Laubenganghaus, Siemensstadt, Berlin, Hans Scharoun, 1956-58
In times like these it is crucial to remain positive. For me architecture books have always been a means to dream away and immerse myself in something beautiful. One of these book is Carsten Krohn’s excellent Hans Scharoun monograph, published in 2018 by Birkhäuser. For the book Krohn took photos of almost all of Scharoun’s buildings, drew new plans and also included a number of largely unknown buildings the architect designed in what was then East Prussia. Further supplemented with materials from the Scharoun archive at Akademie der Künste Krohn’s book allows for a sparkling immersion in the work of this „other“ modernist architect and is highly recommended to anyone with a love for Scharoun.
Hans Scharoun‘s connection to the Ruhr area dates back to his early years as an architect in the 1920s. But it was only until the postwar years that he actually got to build there: two schools and a church, building types he didn’t realize anywhere else than here. These buildings, the schools in Lünen and Marl as well as the Johannes Church in Bochum are the focal point of the present book: „Hans Scharoun im Ruhrgebiet - Entwerfen und Bauen für das Leben“, published in 2017 by Berlin Story Verlag. The book gathers the proceedings of a travelling symposium revolving around Scharoun’s Ruhr area buildings, focusing predominantly on his school designs. The reader gets to know the two schools in many details from their inception to the later problems with maintaining and ultimately restoring them to their former glory. In line with the book‘s title the actual school life in these buildings also plays a role in the all-encompassing description of these outstanding buildings (very well contextualized by Peter Blundell Jones in his essay): what influence do Scharoun‘s designs still have on the daily educational work? And what are the unique qualities of them? These and other questions are answered in the book, giving insight into the practical and transtemporal aspects of these designs. I can’t deny that I am particularly fond of Scharoun‘s school as I think they are the most advanced and child-oriented pieces of postwar school architecture in Germany and beyond. In relation to them it is also interesting to read the contributions dedicated to the people involved with commissioning Scharoun and defending his designs against narrow-minded bureaucrats. The book is a fine read and marks the lucky end of a decade long struggle to protect and restore these unique pieces of postwar architecture.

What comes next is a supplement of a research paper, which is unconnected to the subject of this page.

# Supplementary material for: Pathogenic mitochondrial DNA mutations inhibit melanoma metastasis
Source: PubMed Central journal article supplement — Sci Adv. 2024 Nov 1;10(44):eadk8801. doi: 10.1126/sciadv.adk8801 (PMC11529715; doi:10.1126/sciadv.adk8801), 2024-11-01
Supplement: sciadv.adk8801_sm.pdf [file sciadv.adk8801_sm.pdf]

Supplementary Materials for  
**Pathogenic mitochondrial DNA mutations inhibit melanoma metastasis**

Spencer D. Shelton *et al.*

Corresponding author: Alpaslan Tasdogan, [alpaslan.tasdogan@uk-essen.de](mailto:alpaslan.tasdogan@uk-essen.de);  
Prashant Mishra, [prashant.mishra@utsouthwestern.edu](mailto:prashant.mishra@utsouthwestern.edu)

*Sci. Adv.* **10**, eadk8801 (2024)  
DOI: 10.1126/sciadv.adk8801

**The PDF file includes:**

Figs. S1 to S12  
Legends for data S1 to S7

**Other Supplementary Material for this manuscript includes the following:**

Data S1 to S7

New reading material satisfying my current obsession with Hans Scharoun: Markus Peter and Ulrike Tillmann’s „Hans Scharoun und die Entwicklung der Kleinwohnungsgrundrisse - Die Wohnhochhäuser Romeo und Julia 1954-1959“, published late last year by Park Books. Based on Scharoun’s residential high rises „Romeo“ and „Julia“ in Stuttgart the authors analyze the architect’s extensive and continuously developing research of floor-plans and the very process of living. Drawing on extensive archival material from the Scharoun archive at Akademie der Künste Berlin the authors seek to provide deep insights into Scharoun’s design process as well as his expansive intellectual and research network. Incorporating unpublished archival writings and drawings the book is a real treasure trove and will hopefully serve as point of departure for renewed Scharoun research. Promises to be an exciting read!